I’ve been growing bamboo since 1978 and have made many mistakes. Some species of bamboo doesn’t do well in Ohio, where I’m based, because they won’t tolerate the cold weather in winter. In some cases I’ve left the plants growing in my yard if only to show others what won’t do well in my climate.
To control bamboo’s growth you need to do two things: contain it and maintain it. I’ll tell you how.
Every containment situation is different. In general, most bamboo will be sufficiently contained using a 24″ deep bamboo barrier. For additional protection or more aggressive species, a 36″ deep bamboo barrier is the best choice. These are the basics of how to use this product when using it to install bamboo:
- Determine the extent of the area to be given over to the bamboo. Dig a trench around the entire area line the trench with the barrier.
- Overlap the ends of the barrier by at least 12 inches, and by up to four feet if you have extra material available. Place the included sealant tape between the overlapped pieces, then backfill and tamp the soil tightly.
- Place the top edge of the barrier approximately 2 inches above the finished grade. This will deter overgrowth and make annual maintenance easier.
- Plant according to the standard bamboo nursery planting directions, paying attention to soil deficiencies, drainage and compaction.
It is best to maintain the bamboo during the fall when the rhizomes, referred to as “trip wires,” have grown outward throughout the late spring and summer and come to the surface and can go over the 2” lip of the barrier that’s above ground. The escaped rhizomes should pulled from the soil and put back inside the bamboo containment area to continue their journey. Cutting will not solve the problem since the severed portion will start to grow again outside the barrier.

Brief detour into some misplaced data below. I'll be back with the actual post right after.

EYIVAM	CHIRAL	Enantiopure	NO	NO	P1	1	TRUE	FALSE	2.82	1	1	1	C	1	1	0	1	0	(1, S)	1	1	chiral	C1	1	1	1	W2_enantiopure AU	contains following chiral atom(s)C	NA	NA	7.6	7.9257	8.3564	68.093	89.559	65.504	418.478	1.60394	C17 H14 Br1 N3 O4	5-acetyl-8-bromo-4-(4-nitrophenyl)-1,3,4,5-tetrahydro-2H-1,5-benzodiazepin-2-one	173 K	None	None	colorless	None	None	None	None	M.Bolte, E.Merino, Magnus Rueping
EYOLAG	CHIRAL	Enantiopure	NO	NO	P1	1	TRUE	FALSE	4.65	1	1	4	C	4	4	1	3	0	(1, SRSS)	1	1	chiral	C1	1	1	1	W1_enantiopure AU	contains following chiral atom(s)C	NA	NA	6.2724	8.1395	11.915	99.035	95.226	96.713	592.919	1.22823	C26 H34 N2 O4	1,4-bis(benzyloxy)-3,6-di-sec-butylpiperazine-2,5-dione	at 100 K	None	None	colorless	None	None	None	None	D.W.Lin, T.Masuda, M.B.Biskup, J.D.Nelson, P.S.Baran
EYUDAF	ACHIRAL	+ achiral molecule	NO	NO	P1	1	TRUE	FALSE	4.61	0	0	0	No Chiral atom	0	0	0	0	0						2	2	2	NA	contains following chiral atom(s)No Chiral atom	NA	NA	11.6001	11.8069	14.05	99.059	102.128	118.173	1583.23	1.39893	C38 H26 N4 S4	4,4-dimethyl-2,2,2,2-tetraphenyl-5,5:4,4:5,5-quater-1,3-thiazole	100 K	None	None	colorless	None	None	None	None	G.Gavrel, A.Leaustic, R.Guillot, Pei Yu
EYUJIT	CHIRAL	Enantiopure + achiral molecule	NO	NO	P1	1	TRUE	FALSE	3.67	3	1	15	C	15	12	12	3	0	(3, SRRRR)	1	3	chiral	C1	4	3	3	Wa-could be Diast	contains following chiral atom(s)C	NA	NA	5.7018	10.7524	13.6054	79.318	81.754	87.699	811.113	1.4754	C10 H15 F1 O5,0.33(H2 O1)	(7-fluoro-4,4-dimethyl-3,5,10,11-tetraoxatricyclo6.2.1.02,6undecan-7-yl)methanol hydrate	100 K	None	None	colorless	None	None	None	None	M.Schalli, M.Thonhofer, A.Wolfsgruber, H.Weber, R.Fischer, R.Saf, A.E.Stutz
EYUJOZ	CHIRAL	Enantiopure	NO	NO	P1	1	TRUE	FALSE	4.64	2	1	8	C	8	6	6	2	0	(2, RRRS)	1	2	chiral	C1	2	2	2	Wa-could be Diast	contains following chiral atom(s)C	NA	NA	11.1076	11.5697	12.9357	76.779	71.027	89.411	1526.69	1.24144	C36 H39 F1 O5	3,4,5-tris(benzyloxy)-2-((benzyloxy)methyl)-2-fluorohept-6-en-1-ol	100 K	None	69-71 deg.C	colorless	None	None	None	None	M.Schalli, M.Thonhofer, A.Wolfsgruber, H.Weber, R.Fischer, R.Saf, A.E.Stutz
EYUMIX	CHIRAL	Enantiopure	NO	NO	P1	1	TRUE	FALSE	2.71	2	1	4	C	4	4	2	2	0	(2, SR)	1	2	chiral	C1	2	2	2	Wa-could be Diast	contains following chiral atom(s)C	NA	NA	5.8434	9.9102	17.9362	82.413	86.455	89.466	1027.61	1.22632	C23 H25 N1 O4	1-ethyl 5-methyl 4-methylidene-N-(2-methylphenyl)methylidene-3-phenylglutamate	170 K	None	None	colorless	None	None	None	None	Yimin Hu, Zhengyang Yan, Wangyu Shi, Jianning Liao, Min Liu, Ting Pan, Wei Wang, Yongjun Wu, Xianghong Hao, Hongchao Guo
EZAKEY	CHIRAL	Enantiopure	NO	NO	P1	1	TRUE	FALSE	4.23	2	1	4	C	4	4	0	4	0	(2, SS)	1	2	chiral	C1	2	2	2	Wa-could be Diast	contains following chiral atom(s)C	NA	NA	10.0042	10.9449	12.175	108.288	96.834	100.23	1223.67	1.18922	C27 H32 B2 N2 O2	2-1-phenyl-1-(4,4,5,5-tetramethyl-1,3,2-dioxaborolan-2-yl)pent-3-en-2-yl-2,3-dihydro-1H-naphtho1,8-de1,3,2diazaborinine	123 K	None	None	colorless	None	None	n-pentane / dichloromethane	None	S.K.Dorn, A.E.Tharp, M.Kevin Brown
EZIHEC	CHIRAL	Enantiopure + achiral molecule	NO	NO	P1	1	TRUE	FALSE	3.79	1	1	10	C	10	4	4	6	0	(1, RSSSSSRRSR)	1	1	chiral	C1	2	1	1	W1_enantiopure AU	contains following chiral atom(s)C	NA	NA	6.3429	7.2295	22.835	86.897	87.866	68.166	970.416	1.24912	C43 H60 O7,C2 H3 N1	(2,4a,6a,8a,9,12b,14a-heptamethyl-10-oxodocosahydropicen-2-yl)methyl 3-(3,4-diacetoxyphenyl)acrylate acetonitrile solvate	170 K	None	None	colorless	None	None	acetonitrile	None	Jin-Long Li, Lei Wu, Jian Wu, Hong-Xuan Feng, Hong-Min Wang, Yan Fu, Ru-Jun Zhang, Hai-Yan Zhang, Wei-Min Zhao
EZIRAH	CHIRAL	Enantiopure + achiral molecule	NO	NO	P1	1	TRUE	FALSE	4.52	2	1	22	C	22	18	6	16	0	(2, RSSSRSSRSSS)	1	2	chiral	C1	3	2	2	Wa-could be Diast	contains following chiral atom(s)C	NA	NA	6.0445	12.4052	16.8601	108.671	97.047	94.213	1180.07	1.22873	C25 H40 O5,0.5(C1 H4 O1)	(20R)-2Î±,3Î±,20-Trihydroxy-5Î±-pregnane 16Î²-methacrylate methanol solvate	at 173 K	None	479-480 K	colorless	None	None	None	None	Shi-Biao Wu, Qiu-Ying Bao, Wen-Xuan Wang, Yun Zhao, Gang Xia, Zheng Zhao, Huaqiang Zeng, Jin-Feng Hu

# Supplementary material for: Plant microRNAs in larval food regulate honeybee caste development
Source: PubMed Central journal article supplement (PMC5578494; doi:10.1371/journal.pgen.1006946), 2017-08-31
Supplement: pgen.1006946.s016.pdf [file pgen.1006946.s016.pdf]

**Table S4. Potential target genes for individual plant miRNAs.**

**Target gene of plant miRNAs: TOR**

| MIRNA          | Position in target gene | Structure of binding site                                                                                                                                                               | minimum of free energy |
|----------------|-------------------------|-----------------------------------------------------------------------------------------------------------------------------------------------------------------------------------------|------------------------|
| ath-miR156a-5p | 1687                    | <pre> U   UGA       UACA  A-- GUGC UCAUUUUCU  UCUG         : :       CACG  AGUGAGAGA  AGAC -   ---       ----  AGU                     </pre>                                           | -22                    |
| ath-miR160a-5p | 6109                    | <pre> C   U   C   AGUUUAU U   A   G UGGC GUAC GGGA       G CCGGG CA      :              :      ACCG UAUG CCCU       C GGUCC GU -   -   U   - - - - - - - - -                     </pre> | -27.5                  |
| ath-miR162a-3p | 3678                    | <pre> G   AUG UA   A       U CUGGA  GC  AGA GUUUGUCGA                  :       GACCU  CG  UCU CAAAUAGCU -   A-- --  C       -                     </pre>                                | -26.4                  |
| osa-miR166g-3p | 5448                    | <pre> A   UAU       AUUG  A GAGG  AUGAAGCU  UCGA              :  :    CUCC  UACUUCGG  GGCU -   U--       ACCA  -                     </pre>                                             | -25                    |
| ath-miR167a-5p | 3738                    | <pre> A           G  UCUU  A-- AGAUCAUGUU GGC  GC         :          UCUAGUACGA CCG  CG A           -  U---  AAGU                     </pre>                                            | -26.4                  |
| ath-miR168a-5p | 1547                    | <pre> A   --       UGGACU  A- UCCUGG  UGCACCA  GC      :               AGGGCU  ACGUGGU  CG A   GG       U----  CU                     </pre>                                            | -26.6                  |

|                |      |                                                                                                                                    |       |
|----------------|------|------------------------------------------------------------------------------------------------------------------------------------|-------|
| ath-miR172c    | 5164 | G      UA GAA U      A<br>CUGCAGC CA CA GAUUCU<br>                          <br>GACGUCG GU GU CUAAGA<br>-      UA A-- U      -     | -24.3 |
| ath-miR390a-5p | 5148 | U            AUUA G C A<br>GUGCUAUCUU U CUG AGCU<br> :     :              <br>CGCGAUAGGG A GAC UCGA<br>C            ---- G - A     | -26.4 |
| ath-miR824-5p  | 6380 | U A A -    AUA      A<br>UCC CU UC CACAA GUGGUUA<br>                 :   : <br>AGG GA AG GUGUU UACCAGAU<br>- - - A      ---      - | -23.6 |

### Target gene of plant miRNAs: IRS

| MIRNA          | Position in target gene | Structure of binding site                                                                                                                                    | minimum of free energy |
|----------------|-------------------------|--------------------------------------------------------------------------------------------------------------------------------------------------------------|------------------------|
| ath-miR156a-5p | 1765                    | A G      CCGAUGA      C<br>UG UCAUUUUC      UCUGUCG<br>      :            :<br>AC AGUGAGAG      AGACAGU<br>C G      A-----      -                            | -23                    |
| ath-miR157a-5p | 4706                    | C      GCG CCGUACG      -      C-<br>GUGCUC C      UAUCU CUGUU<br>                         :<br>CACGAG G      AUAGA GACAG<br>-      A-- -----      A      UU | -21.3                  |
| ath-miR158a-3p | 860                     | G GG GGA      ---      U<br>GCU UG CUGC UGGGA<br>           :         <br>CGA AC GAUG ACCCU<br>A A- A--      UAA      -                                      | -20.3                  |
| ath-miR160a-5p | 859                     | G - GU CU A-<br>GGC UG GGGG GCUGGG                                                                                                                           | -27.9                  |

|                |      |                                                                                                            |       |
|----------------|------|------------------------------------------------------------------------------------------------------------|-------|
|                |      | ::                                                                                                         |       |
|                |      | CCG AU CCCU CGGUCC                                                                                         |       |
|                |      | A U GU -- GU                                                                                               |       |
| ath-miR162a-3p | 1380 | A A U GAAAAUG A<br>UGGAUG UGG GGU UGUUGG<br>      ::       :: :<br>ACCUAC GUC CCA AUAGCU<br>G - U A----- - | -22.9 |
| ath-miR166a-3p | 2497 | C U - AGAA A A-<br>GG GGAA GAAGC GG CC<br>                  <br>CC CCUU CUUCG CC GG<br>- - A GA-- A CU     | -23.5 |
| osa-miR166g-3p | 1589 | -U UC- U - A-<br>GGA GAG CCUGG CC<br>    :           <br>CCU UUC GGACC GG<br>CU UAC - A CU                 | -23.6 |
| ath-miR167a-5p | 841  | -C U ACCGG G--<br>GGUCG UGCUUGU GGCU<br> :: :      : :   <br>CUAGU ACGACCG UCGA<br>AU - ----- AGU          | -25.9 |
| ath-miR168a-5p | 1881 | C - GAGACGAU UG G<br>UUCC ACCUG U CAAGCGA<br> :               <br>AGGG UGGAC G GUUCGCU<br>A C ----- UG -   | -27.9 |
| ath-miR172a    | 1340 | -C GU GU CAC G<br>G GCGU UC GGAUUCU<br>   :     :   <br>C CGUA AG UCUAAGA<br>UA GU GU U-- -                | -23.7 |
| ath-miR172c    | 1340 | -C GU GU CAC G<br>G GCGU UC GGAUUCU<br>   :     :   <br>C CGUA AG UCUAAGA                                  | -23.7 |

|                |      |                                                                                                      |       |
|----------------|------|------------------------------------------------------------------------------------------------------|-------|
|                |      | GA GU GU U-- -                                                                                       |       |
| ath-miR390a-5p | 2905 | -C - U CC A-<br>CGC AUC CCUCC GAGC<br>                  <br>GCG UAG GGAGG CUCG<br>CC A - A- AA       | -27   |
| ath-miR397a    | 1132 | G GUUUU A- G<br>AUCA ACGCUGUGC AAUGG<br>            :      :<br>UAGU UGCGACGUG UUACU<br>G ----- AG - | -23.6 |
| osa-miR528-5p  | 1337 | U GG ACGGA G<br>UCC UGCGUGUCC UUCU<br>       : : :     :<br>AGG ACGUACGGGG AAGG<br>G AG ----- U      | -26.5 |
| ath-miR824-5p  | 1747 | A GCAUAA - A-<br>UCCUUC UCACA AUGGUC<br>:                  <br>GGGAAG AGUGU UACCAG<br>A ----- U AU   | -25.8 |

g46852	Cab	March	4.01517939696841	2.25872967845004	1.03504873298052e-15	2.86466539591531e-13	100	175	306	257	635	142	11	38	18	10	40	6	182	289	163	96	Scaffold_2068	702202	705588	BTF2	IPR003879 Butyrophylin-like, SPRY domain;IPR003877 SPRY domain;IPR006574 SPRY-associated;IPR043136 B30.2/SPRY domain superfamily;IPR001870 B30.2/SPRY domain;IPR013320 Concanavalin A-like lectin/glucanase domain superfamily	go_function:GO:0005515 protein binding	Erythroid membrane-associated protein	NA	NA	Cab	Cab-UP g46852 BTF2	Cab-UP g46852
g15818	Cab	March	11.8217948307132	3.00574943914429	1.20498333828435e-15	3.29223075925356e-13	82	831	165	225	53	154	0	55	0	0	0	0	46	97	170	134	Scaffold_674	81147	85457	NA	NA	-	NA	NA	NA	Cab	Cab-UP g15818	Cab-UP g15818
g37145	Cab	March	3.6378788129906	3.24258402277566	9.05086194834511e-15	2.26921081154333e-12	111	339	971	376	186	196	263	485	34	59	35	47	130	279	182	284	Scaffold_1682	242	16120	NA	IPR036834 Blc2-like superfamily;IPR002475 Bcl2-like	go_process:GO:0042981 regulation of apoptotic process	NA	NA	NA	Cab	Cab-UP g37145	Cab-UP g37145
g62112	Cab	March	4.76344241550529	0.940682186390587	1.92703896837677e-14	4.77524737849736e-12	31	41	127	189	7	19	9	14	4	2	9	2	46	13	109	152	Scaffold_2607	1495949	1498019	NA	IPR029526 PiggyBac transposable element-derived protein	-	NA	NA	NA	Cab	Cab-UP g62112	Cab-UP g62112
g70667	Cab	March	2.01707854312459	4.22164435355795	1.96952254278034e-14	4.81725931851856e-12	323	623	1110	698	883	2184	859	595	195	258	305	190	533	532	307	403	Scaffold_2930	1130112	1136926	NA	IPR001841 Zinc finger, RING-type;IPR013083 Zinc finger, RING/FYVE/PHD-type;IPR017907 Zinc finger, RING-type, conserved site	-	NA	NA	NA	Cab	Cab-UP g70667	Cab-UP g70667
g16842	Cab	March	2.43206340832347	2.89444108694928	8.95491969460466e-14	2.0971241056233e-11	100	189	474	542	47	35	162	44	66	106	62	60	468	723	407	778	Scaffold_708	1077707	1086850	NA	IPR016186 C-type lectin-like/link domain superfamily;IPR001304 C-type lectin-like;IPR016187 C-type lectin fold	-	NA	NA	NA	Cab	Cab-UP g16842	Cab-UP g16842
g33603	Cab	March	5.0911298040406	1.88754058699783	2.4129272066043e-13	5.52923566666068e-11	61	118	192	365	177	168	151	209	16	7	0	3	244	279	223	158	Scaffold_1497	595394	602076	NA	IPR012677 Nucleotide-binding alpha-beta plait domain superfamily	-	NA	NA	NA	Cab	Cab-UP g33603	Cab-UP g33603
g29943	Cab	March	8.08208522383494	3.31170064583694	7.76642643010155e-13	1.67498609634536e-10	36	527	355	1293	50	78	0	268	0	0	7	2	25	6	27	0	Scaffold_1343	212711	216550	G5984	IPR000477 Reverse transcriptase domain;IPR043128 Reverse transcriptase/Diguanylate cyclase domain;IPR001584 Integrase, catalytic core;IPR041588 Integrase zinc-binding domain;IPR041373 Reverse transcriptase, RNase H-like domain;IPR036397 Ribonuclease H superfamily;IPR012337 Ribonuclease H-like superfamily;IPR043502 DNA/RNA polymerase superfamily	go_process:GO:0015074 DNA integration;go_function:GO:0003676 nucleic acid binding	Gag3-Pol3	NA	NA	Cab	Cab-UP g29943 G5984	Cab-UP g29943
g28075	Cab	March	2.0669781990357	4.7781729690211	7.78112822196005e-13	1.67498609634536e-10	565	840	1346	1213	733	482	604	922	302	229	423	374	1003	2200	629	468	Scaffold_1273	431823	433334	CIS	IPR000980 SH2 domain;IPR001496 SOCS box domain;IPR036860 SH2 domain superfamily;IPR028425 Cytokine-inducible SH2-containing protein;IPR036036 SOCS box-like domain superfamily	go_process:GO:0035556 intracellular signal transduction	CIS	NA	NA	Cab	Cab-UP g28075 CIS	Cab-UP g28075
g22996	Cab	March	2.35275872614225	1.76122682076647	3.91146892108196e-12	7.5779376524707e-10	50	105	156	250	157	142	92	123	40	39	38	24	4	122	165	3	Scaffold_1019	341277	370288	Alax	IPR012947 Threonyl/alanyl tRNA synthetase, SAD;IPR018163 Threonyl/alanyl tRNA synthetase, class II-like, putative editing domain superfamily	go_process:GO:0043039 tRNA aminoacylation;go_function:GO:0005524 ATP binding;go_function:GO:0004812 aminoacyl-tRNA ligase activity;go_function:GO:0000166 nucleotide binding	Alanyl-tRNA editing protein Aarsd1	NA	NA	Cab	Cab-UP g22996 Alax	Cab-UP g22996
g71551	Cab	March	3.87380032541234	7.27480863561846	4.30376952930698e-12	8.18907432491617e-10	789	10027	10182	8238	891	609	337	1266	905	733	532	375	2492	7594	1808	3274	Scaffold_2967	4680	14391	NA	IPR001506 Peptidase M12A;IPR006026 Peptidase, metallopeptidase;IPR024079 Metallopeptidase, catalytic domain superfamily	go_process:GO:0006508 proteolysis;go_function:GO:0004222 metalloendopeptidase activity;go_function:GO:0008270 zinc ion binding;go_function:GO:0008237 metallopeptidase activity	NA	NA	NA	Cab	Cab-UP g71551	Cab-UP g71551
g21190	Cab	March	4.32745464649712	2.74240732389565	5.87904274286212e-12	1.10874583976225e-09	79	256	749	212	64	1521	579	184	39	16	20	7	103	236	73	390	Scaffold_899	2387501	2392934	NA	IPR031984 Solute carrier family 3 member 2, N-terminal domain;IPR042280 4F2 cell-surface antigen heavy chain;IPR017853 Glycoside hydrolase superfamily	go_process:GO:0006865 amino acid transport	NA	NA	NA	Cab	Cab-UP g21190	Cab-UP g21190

After checking for escapees it’s time to cut out dead and dying canes. You can tell they are in decline or already dead by their color — they will be tan rather than green. Using a long handled lopper, cut the dying cane as close to the soil surface as possible.
By cutting off the branches and raising the canopy (this is called legging up) you accentuate the node and internodes, which will add beauty to the grove. You can cut off the branches as deep as you wish and they’ll never grow new branches again. This will lessen your screen effect, so go as deep as you wish.
The height of the bamboo can be controlled by cutting the culm at the top of the node, always leaving at least one branch with leaves. It will never grow any taller where you’ve cut. This maintenance should be done after it’s limber, which is usually in mid June. Any earlier and the bamboo is 85 percent water; the branches will simply snap off.
I often recommend that people plant two similar species of bamboo at once. By doing this you are covering your bases in case it goes to seed. This may not happen for 60 or 80 years, but it could also happen shortly in the future. The species which doesn’t seed will offer screening until the other recovers.
Bamboo is versatile and can add a lot to your site, but does require some love. By containing and maintaining your bamboo you can create a grove which is admired by you and your guests for its beauty — and perhaps as importantly, by your neighbors for its lack of spreading.
Jerry Burton is the man behind Burton’s Bamboo Garden. He has grown 50 kinds of bamboo on 22 acres of land (with a 7 acre lake!) since 1978. He runs educational sessions out of a large Haiku House surrounded by large bamboo groves and overlooking the lake. Exotic birds from Papua New Guinea (Cassowries), Argentina (Rheas), Australia (Emu), India (Peafowl), and China (Phoenix Chickens) also live on the grounds, along with large granite statuary from the Yangtze river area of China. All 27 years in the bamboo business have been spent learning, and he has a special knack with birds and plants. His philosophy is, “If they show up, sell them. If not, read a book because you’re at home anyway.” His son Zach will inherit the business.
Images: Jerry Burton